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Psoriasis is an illness resulting from the activation of certain subpopulations of T lymphocytes

[|In view of the recent publication by Zenz et al. (Psoriasis-like skin
disease and arthritis caused by inducible epidermal deletion of Jun
proteins. Nature. 2005 Sep 15;437(7057):369-75.) the abrogation of
JunB/activator protein 1 (AP-1) in keratinocytes may trigger
chemokine/cytokine expression, which recruits neutrophils and
macrophages to the epidermis thereby contributing to the phenotypic
changes observed in psoriasis. These data do support the hypothesis
that epidermal alterations are sufficient to initiate both skin lesions
and arthritis in psoriasis.|auteur192]

[|Here I agree – psoriasis is maintained by T cells!|auteur195]

[|While the immunopathogenesis of psoriasis is driving new drug development with antigen presenting cells (APC)-T-cell interaction with a host of cytokines, particularly TNF-? and IL 12/23 implicated, what I believe the next focus of our research needs to be is antigen presentation. This is well-discussed in #6, ie activation of certain subpopulations of T lymphocytes. In addition to antigens, super antigens, or ultra antigens mentioned, I do believe the role of drugs in triggering psoriasis, ie beta-blockers, lithium, could be proved to be a fruitful line of investigation. Certainly, laboratories exist in the world, ie here in Dallas under the supervision of Jacques Banchereau, PhD, a Frenchman and world leader in antigen presenting cells, which could pave the way for better understanding of this complex disease.|auteur215]

Whether a basic defect does exist at the level of skin cells and possibly fibroblasts, it has been perfectly demonstrated that the T lymphocytes play a major role in maintaining the disease (photo 1). This is based on three main lines of argument:

  • triggering of psoriasis in a non-psoriatic person after bone-marrow grafting taken from a subject suffering from psoriasis;
  • triggering of a clinical and histological psoriatic lesion after grafting on the immuno-tolerant mouse of a non involved psoriatic skin, followed by an injection of activated psoriatic T lymphocytes;
  • the efficacy of numerous immunosuppressive drugs inhibiting T lymphocyte activation in psoriasis treatment. This argument is more flimsy because, although it is true that cyclosporine is remarkably effective, other immunosuppressants are less efficient. Moreover, cyclosporine has various cellular targets and, in addition to its action on T lymphocytes, it might conceivably be capable of inhibiting the secretion of certain cytokines by the skin cells. Its action on fibroblast activation has not been specifically studied.

The field of immunological research remains thus wide open in the sphere of psoriasis. Research is currently expanding to identify, in functional terms, the T lymphocytes migrating into a psoriasis plaque. There is a need to identify the molecules attracting and activating these lymphocytes in the skin, to identify the cytokines released by these lymphocytes and to understand how they maintain proliferation and epidermal inflammation. In particular, there is a need to research the antigens, superantigens and/or autoantigens that might be initiating this torrent of activation. Amongst these antigens, research is currently turning towards bacterial and viral antigens. Part of the HPV 5 genome has been found in many psoriatic lesions. Moreover, the incidence of psoriasis is higher in HIV-positive subjects. Similarly, antigens of streptococcal and staphylococcal origin might shoulder some responsibility for the lymphocytic activation of the psoriatic plaque.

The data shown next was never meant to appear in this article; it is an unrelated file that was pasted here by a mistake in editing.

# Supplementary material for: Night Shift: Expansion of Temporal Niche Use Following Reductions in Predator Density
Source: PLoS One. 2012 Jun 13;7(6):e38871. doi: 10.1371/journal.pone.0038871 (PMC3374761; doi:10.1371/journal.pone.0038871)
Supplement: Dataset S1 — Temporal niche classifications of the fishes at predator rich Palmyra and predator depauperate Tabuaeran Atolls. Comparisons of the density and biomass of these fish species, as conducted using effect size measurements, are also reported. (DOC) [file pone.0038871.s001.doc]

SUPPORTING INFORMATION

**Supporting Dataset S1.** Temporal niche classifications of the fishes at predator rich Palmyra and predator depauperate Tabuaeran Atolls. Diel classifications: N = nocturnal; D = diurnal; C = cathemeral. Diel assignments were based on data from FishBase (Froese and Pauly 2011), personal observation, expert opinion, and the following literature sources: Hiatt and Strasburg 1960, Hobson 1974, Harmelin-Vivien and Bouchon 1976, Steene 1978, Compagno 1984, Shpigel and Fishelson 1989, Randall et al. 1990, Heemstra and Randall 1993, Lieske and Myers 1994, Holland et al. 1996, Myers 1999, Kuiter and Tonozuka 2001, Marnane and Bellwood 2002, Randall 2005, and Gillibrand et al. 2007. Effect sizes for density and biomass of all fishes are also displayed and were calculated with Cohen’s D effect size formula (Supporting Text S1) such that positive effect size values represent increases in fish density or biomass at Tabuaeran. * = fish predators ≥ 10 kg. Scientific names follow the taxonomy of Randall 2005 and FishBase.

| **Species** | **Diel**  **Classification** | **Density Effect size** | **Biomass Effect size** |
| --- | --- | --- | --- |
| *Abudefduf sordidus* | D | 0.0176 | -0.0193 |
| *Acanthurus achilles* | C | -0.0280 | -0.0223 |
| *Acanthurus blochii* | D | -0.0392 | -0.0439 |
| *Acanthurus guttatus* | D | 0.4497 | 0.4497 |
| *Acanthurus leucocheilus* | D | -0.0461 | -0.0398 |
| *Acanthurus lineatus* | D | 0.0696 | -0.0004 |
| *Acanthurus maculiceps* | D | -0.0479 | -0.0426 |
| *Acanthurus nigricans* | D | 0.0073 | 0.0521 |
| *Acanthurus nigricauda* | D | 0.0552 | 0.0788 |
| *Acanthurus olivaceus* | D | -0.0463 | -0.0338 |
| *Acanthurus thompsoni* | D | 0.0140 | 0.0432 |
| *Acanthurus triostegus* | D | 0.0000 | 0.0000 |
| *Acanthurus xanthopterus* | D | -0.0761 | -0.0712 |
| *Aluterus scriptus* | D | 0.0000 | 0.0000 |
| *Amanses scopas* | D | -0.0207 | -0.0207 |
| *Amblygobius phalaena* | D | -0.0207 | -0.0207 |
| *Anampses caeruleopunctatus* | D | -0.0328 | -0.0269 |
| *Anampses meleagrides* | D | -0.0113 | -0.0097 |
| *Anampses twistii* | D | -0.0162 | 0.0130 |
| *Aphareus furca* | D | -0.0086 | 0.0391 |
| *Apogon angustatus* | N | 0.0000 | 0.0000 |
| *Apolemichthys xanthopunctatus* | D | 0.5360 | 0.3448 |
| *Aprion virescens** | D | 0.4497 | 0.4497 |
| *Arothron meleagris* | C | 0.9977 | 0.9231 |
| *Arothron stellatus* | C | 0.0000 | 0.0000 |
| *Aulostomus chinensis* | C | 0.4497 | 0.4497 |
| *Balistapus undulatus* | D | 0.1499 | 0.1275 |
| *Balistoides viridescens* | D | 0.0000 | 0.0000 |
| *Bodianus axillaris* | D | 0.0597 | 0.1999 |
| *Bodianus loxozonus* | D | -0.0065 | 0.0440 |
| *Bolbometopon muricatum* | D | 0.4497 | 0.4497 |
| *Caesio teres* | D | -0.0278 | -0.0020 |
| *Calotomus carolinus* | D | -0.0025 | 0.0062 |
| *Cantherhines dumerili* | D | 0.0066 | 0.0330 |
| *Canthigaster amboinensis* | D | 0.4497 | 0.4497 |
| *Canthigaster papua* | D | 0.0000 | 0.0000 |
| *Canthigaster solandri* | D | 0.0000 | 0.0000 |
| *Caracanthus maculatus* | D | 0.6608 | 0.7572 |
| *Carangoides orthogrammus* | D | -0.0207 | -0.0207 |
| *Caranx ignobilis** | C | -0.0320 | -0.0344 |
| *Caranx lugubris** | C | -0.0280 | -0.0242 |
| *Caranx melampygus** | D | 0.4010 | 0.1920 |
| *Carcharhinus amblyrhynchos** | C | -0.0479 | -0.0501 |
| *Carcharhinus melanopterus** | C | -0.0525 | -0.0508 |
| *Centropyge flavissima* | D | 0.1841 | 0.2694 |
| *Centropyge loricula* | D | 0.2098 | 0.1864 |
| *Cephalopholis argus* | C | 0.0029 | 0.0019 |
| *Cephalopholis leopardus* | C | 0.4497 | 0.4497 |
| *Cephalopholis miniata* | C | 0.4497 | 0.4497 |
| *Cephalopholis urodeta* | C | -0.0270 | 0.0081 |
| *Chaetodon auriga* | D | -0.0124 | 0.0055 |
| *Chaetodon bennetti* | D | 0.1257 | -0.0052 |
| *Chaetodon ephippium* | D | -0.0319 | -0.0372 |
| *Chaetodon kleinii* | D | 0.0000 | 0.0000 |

Photo 1. Whatever the interest in such research might be, it should not end in some conceptual abuse, the most frequent being to classify psoriasis among the autoimmune disorders, when it is nothing like it. Immunosuppressants are not effective in all the patients. This immunological research should not slow down research on the anomalies present in the structural cells of the skin.

One of the most interesting fields of research at the moment relates to the study of innate defence mechanisms. These mechanisms are expressed not only by adaptive immunity cells but also by keratinocytes, macrophages and neutrophils. They may even be more important for psoriasis than adaptive immunity.

A different research pathway consists of studying the interactions between lymphocytes and skin cells. Recently, we have observed that psoriatic fibroblasts activate CD4 lymphocytes more effectively than normal fibroblasts, and that CD4 lymphocytes stemming from psoriatics activate fibroblasts more effectively than non-psoriatic CD4 lymphocytes.

Therefore, the most likely scenario is that CD4 lymphocytes accumulated in the dermis after any cutaneous aggression powerfully activate psoriatic fibroblasts and these activated fibroblasts activate the CD4 lymphocytes in return. This self-activating loop ends in the release of cytokines responsible for epidermal proliferation. Furthermore, the same hyperreactivity is likely to be expressed at keratinocyte level. All genetic and environmental events resulting in an increase of the pro-inflammatory cytokine production by the epidermis and by the inflammatory cells would thus be capable of triggering the appearance of psoriasis. These events vary and some of them are beginning to be identified: release of neurotransmitters at times of stress, presence of viral antigens, existence of varied genotypes leading, via the activation of various transduction pathways, to a cytokinic response heightened in response to stress. If this hypothesis is confirmed, psoriasis is certainly a syndrome, and a variety of different physiopathological pathways can result in this same clinical and histological expression.

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